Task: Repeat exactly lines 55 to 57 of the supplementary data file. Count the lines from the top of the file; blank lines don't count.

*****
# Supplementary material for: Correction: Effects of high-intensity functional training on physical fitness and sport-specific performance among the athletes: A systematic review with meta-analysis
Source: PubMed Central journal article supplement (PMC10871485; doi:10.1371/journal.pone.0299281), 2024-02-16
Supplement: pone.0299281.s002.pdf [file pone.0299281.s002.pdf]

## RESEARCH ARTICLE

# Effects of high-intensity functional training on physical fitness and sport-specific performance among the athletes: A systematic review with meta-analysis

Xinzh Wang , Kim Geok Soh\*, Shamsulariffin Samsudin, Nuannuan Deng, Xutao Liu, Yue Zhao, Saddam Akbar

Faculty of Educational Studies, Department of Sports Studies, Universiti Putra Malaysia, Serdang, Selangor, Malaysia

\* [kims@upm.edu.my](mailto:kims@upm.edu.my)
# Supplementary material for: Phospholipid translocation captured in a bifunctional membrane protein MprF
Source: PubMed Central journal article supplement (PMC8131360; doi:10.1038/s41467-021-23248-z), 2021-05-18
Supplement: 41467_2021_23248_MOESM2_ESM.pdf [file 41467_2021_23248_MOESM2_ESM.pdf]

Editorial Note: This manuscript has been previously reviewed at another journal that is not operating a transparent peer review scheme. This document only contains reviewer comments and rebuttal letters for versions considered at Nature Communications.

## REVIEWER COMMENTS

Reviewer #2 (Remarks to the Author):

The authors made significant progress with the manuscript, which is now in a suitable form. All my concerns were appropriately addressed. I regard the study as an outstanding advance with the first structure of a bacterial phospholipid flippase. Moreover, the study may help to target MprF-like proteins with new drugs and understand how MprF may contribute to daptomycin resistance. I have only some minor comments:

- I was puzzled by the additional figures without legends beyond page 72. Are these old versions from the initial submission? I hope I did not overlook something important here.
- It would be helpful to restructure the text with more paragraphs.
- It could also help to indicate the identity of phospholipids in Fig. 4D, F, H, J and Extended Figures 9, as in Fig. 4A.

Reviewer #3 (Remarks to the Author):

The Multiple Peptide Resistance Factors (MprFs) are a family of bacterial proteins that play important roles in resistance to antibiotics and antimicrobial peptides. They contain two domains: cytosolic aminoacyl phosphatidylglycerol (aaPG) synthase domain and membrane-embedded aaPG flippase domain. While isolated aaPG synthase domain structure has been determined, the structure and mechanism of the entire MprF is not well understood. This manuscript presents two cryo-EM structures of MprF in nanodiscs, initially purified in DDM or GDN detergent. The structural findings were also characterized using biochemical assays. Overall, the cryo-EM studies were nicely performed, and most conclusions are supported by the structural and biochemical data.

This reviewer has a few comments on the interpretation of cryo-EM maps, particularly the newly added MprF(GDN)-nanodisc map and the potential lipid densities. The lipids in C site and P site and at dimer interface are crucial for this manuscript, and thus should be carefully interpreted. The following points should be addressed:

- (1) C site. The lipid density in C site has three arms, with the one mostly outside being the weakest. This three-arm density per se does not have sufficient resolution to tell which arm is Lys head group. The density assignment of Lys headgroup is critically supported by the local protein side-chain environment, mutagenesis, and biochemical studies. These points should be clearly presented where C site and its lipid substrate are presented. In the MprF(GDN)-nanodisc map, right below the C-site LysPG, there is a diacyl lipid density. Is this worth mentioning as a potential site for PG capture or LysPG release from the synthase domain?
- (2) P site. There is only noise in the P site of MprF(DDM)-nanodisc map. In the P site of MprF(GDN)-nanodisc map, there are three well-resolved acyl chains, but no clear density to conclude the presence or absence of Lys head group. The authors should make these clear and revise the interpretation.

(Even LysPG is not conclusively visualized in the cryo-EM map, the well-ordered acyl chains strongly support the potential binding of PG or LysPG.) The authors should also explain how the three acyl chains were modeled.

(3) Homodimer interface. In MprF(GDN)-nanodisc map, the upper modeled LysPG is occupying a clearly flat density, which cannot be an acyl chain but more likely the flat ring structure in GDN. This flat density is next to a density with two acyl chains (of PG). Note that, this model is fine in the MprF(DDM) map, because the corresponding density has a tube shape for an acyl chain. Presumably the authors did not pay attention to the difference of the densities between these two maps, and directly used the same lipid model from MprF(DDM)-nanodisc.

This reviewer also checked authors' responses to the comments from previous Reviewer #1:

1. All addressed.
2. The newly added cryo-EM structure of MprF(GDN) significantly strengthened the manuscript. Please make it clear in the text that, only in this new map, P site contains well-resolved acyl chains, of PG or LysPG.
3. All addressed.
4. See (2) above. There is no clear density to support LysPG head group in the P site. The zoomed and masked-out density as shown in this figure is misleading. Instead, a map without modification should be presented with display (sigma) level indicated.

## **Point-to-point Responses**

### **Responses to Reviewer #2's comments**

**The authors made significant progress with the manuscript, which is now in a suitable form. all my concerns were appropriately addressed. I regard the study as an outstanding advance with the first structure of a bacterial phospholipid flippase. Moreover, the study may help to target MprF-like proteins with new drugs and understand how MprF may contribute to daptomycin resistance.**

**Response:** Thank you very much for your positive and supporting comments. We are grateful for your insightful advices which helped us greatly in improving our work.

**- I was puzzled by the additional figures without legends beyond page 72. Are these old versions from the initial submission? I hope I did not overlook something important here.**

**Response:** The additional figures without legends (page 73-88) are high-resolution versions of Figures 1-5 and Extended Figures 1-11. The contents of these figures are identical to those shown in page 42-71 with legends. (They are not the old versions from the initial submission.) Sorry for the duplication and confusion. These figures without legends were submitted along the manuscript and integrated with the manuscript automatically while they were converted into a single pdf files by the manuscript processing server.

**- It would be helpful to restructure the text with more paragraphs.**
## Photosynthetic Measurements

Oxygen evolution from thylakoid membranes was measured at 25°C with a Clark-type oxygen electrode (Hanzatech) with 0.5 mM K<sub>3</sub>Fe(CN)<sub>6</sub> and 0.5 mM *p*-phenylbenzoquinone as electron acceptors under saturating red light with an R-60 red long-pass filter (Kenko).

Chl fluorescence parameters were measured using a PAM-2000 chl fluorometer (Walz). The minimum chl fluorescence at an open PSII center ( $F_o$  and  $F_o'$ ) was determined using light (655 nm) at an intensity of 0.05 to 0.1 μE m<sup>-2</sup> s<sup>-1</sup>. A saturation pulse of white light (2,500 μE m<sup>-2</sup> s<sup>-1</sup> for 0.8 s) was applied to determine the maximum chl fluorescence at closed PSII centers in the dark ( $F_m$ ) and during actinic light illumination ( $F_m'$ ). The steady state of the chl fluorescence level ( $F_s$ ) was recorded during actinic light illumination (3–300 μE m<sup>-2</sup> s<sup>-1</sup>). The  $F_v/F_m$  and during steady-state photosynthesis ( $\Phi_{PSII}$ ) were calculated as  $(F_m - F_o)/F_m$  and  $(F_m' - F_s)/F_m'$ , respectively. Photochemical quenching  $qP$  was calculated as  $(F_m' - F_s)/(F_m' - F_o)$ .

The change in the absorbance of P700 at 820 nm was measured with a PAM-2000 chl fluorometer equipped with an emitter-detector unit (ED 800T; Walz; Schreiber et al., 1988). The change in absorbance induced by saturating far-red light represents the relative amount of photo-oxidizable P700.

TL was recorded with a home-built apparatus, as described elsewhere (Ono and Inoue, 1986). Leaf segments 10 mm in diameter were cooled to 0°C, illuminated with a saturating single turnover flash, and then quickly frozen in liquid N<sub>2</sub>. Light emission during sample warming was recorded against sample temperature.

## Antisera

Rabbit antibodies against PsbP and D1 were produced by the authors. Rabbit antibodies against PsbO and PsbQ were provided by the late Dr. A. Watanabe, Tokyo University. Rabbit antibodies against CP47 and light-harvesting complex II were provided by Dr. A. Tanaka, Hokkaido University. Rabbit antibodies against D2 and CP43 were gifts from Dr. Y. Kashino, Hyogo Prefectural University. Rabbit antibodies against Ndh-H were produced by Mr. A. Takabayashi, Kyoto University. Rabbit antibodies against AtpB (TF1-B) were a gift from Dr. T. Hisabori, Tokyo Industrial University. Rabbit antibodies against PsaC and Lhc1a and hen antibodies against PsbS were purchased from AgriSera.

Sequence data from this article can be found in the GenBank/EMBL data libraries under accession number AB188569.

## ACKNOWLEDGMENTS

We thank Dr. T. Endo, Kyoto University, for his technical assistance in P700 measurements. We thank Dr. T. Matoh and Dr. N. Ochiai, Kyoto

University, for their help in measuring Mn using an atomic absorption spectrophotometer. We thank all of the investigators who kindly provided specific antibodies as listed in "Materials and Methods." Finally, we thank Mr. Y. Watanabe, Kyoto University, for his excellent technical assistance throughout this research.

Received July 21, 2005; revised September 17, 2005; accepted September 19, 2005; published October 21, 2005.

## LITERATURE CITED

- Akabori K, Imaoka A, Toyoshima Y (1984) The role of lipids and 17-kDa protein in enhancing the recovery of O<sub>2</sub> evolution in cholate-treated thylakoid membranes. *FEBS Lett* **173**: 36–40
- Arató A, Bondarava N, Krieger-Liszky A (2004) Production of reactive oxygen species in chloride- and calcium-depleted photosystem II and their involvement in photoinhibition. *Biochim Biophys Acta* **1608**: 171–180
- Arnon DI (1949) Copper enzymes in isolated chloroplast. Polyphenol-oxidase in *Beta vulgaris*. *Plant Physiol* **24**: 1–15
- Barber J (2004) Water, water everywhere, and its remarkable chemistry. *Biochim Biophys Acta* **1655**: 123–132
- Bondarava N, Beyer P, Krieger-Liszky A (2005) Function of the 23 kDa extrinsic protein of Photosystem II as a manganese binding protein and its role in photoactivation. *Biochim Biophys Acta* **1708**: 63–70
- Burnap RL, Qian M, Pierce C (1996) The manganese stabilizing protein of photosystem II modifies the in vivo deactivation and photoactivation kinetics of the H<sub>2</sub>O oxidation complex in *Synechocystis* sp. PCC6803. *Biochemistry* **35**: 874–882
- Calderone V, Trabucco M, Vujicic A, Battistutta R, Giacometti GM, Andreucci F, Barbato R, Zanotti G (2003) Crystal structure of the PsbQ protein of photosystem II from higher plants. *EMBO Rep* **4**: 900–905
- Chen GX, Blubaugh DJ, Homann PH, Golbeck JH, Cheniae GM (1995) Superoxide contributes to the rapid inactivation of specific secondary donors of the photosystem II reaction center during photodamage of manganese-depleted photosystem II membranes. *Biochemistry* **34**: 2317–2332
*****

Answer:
- Bondarava N, Beyer P, Krieger-Liszky A (2005) Function of the 23 kDa extrinsic protein of Photosystem II as a manganese binding protein and its role in photoactivation. *Biochim Biophys Acta* **1708**: 63–70
- Burnap RL, Qian M, Pierce C (1996) The manganese stabilizing protein of photosystem II modifies the in vivo deactivation and photoactivation kinetics of the H<sub>2</sub>O oxidation complex in *Synechocystis* sp. PCC6803. *Biochemistry* **35**: 874–882
- Calderone V, Trabucco M, Vujicic A, Battistutta R, Giacometti GM, Andreucci F, Barbato R, Zanotti G (2003) Crystal structure of the PsbQ protein of photosystem II from higher plants. *EMBO Rep* **4**: 900–905